Should you have the right to raise chickens as pets? Does the government decide what kind of pet you can raise? The right to raise backyard chickens is at a crossroads. You can make a difference.
Backyard chickens are currently legal in Montgomery County, but it’s an ambiguous situation. In 2010, Circuit Court judge Michael Mason decided that chickens can be considered pets, and therefore exempt from Montgomery County law which requires that any accessory structures (e.g., a shed) used for housing animals or fowl in a residential area to be 100 feet from the nearest residence. “While I’ve never really thought of hens as household pets … you can have chickens as pets,” said Judge Mason.
The law is about to change. Will backyard chickens become illegal in our suburban communities? Will there be never-ending debate as to whether chickens are legitimate household pets? Or, will the county embrace, clear, reasonable rules that give citizens a choice of pets — including chickens?
A new law is currently being written. The ordinance text has been changing. In summer 2013, the draft ordinance would make backyard chickens fully legal. But due to opposition to chickens, the current proposed law remains disturbingly vague.
The new law is part of a large rewriting of Montgomery zoning code. The zoning law has not been comprehensively updated since 1977. The County Planning Board has suggested changes to the law. The Council is considering those changes and the recommendations of the Council’s Planning, Housing, and Economic Development Committee.
The proposed code includes a new provision for small-scale “animal husbandry.” Once the code is approved by the county council, it becomes law. The existing Montgomery County zoning ordinance is being extensively simplified and updated, covering many facets of life from parking lots to building design. The Washington Post wrote on 8-June-2013, that “There is also a nod to the urban agriculture movement in the relaxation of rules on farm animals. Homeowners with average-sized lots would be able to keep up to eight hens, ducks or miniature goats on their property (no roosters).”
The following is the exact text of the latest version of the proposed code:
Section 3.2.11. Accessory Agricultural Uses
B. Animal Husbandry
Animal Husbandry means the practice of raising hens, ducks, miniature goats, rabbits, or bees.
2. Use Standards
Where Animal Husbandry is allowed as a limited use, it must satisfy the following standards:
a. Any accessory structure used to shelter hens, ducks, miniature goats, or rabbits must be set back a minimum of 25 feet from any lot line and 100 feet from a dwelling on another lot, unless the structure is used for a household pet.
b. Any accessory structure used to shelter hens, ducks, miniature goats, or rabbits must have a solid roof.
c. If hens, ducks, miniature goats, or rabbits are raised, the lot area behind the rear building line must be fenced.
d. One miniature goat may be kept for every 2,000 square feet of [land] lot area and one hen, duck, or rabbit may be kept for every 1,000 square feet of [land] lot area. A combined total of 8 animals is allowed per lot. When calculating the number of animals allowed per lot, the square footage designated for one animal cannot be used to satisfy the square footage requirement of another animal.
e. Roosters are prohibited.
f. In the CRN, CRT, CR, GR, NR, LSC, EOF, IL, IM, and IH zones, only bees are allowed.
Source: “59-3. Uses and Use Standards” from Planning Board Draft: Chapter 59 from Oct 11, 2013.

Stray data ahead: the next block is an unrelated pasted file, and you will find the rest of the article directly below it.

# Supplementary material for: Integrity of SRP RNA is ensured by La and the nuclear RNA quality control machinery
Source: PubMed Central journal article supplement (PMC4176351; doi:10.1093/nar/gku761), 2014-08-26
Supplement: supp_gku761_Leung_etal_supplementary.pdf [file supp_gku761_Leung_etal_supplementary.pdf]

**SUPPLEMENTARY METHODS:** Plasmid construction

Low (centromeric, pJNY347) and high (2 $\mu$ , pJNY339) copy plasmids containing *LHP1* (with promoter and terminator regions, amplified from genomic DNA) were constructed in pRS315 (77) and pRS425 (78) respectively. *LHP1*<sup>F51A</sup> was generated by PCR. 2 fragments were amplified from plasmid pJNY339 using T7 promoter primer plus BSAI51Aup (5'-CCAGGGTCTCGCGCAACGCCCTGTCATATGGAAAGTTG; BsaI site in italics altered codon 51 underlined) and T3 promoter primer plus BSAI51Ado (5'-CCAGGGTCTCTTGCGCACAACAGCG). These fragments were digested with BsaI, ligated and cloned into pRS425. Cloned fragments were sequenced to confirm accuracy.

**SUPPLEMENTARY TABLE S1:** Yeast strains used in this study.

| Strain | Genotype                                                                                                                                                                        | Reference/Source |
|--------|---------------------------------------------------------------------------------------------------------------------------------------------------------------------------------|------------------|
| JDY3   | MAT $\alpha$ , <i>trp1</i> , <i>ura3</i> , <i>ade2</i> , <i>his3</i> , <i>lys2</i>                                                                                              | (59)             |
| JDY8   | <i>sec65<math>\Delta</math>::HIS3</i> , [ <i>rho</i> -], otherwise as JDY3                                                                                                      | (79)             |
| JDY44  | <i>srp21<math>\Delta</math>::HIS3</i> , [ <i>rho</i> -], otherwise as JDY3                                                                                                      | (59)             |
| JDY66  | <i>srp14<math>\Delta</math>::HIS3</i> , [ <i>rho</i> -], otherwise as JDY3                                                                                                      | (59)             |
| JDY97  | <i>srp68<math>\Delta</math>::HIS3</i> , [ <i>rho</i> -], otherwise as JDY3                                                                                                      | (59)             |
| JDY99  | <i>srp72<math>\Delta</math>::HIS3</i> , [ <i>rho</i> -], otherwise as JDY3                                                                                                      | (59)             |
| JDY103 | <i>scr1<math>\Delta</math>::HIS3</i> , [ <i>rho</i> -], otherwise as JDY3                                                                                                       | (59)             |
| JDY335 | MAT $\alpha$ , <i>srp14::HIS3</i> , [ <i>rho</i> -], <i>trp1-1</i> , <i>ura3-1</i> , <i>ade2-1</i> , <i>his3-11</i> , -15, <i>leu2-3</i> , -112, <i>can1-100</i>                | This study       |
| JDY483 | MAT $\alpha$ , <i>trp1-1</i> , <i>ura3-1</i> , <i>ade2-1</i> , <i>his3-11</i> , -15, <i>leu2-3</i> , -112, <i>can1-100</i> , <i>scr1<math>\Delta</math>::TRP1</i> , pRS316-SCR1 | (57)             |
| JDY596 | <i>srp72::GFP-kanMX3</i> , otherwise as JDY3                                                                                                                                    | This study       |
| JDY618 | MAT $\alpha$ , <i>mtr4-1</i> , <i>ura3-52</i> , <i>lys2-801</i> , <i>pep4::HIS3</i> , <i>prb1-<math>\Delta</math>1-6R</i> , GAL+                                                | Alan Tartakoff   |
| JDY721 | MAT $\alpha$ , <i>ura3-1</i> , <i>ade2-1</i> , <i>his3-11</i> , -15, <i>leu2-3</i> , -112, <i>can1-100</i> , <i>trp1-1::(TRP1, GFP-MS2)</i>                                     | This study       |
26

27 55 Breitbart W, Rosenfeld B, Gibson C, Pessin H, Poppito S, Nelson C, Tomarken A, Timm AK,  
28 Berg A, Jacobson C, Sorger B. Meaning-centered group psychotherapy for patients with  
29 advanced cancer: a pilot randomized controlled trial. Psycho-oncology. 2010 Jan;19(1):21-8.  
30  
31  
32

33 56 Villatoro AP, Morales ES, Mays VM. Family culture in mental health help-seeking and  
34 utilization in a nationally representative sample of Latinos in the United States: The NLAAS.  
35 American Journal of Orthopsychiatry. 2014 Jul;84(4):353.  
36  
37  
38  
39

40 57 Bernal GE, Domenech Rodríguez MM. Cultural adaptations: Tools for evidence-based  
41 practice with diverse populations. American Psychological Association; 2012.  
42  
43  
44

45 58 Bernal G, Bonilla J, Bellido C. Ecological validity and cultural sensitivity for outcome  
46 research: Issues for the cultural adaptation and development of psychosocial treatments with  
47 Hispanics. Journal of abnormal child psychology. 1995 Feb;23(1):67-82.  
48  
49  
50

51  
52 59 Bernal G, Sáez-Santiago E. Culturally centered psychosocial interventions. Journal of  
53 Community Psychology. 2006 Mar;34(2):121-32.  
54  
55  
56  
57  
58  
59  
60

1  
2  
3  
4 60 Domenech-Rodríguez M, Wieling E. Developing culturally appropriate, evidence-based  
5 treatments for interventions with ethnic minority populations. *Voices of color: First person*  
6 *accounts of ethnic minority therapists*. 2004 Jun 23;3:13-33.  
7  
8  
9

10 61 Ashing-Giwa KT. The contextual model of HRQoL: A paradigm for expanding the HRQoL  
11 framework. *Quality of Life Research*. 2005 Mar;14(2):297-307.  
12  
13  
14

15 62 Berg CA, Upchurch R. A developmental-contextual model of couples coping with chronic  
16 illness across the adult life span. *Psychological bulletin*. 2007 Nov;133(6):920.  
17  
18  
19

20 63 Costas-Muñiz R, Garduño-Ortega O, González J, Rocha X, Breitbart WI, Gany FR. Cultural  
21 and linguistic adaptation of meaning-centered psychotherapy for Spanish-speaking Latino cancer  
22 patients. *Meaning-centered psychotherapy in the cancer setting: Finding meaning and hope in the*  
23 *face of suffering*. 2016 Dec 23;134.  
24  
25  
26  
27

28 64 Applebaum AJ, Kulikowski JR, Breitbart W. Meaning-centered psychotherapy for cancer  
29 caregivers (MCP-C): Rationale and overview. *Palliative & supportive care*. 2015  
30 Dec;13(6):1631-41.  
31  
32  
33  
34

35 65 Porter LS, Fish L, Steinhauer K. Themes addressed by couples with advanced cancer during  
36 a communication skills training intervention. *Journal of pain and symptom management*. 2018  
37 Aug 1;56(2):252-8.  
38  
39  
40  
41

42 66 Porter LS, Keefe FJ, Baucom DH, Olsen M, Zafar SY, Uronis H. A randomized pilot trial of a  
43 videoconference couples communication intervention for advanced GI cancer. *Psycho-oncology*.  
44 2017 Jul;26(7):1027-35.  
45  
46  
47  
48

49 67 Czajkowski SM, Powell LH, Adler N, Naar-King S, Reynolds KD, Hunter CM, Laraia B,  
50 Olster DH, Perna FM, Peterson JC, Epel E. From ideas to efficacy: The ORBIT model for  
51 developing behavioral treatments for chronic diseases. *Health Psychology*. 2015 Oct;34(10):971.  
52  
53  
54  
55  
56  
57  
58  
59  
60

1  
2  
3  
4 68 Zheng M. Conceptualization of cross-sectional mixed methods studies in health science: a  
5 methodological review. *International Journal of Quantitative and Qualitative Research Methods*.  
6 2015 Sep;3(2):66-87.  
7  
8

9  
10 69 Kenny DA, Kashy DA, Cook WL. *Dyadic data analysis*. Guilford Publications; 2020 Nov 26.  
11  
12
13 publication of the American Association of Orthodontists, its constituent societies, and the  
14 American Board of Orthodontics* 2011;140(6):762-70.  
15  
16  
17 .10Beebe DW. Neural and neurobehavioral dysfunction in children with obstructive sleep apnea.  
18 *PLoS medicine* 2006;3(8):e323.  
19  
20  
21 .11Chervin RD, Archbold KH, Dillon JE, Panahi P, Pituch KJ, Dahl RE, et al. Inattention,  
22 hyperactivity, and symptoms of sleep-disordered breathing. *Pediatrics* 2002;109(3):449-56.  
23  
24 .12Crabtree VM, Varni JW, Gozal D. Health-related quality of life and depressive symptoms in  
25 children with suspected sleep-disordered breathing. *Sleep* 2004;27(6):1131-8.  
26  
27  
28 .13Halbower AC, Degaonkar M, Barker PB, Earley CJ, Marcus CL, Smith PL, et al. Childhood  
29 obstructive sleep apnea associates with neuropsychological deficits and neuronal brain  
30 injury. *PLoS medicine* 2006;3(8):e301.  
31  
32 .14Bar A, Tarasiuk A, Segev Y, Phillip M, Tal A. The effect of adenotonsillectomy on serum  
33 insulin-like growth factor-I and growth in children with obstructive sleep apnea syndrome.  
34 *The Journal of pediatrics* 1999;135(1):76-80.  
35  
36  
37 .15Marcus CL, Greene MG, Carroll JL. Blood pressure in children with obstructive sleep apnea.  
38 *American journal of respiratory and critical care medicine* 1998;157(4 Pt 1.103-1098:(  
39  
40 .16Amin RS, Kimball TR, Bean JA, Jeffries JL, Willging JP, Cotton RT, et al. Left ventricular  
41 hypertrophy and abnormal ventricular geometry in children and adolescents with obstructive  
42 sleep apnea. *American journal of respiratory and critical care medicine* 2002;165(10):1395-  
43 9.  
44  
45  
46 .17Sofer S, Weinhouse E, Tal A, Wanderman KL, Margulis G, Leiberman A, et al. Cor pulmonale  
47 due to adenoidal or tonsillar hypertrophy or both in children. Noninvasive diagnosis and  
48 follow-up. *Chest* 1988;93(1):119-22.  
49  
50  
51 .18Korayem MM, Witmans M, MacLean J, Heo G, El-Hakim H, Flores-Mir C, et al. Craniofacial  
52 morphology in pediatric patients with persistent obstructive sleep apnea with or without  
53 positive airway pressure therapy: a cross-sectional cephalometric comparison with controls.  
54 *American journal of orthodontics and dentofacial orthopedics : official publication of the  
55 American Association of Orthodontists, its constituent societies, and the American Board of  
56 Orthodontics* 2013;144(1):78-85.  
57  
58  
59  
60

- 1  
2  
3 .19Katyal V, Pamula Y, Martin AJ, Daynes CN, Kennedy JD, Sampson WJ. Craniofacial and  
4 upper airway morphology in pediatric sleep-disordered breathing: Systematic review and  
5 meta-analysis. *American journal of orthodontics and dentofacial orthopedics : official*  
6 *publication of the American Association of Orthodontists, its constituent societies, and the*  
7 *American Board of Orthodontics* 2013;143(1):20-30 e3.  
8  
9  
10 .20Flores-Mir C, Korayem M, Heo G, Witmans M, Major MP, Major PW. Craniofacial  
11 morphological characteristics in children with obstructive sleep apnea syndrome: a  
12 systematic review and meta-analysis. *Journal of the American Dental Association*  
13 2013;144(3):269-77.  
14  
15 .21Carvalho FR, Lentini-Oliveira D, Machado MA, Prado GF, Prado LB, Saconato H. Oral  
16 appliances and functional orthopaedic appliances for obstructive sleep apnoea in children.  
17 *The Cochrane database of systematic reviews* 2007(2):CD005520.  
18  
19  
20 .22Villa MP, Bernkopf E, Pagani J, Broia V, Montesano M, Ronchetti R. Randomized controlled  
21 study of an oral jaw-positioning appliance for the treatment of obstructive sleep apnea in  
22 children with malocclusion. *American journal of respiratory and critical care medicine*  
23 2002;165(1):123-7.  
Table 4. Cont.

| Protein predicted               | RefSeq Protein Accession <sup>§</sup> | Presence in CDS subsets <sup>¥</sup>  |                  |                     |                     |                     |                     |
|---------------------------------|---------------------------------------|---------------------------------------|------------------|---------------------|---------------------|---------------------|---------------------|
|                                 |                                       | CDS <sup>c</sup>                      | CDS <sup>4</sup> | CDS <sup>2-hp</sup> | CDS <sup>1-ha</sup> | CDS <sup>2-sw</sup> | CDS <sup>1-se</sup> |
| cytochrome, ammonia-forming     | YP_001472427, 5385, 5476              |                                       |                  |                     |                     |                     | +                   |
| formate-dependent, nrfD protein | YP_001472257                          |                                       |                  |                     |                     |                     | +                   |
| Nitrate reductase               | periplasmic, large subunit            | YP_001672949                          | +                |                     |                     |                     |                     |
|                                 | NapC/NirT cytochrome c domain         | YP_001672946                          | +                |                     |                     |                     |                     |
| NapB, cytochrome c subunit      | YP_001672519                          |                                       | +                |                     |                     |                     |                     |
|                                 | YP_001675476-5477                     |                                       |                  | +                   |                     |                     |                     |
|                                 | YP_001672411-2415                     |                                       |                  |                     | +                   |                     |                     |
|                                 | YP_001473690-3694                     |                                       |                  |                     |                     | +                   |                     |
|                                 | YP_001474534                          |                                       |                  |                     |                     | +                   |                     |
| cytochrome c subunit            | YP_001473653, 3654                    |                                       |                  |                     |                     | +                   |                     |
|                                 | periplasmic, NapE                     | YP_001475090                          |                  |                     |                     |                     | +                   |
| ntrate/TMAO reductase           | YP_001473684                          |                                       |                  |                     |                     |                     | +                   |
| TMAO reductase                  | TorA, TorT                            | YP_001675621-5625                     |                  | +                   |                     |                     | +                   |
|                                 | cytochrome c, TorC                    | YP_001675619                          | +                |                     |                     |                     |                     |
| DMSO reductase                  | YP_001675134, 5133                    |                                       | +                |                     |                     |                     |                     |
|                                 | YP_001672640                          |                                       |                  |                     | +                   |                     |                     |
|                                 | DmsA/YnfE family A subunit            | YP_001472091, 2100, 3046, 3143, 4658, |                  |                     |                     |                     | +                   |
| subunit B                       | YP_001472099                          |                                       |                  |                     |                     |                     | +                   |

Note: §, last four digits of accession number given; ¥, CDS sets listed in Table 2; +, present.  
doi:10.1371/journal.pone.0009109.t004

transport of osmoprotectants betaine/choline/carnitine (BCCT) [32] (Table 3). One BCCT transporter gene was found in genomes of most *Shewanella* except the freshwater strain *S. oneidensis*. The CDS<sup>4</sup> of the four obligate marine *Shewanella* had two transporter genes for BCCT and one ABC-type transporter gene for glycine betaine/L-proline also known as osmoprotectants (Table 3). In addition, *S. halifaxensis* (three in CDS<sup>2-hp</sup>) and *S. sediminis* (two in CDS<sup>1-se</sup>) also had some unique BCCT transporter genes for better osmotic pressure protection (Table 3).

What does this mean? Are chickens effectively illegal, requiring 100 feet from any house? Or will all backyard chickens be considered pets? We need to clarify what’s legal, what’s a pet, and make sure that the chicken opposition doesn’t revise the code to make backyard chickens totally illegal in the suburbs.
Conflicting aviary law
Also, there is conflicting section of the county code:
(a) An owner must not:
(8) Allow a domestic or exotic bird, including a homing pigeon, to be in an aviary within 100 feet of any structure owned or leased by another person and used for human habitation or work. This paragraph does not apply to a bird:
(A) other than a homing pigeon, inside the owner’s dwelling;
(B) in a pet shop;
(C) in an agricultural zone as defined in Chapter 59; or
(D) in a market for less than 24 hours for sale for human consumption.
Source: Sec. 5-203. Public nuisance and other violations.
The broad restriction on aviaries has been used by the county to eliminate backyard chickens in Kensington and elsewhere. The spirit of the restrictions on aviaries may be reasonable, but it should not apply to backyard chickens.
What do you think?
Do you think that’s reasonable? Should chickens be allowed? What maximum? How far from the property line? The chicken opposition wants to see this proposed law eliminated. Read the key concerns of the opposition.
You have a say in this. Contact our county council or testify and express your voice. The council needs to know the views of constituents like you.
How does this law compare with other laws nationwide?
The proposed law is reasonable. Chickens are, perhaps surprisingly, legal in the vast majority of large cities.
As the movement toward keeping backyard chickens continues to grow, many cities are facing the decision of whether to allow residents to keep chickens and, if so, how to effectively regulate the practice. The following law review article is a survey of municipal ordinances in the top 100 most populous cities in the United States that concern keeping and raising chickens. Allowing up to 8-12 animals (4 on very small lots), with small setbacks, is reasonable for our suburban county. The survey also identifies regulatory norms and some effective and less effective ways to regulate the keeping of chickens.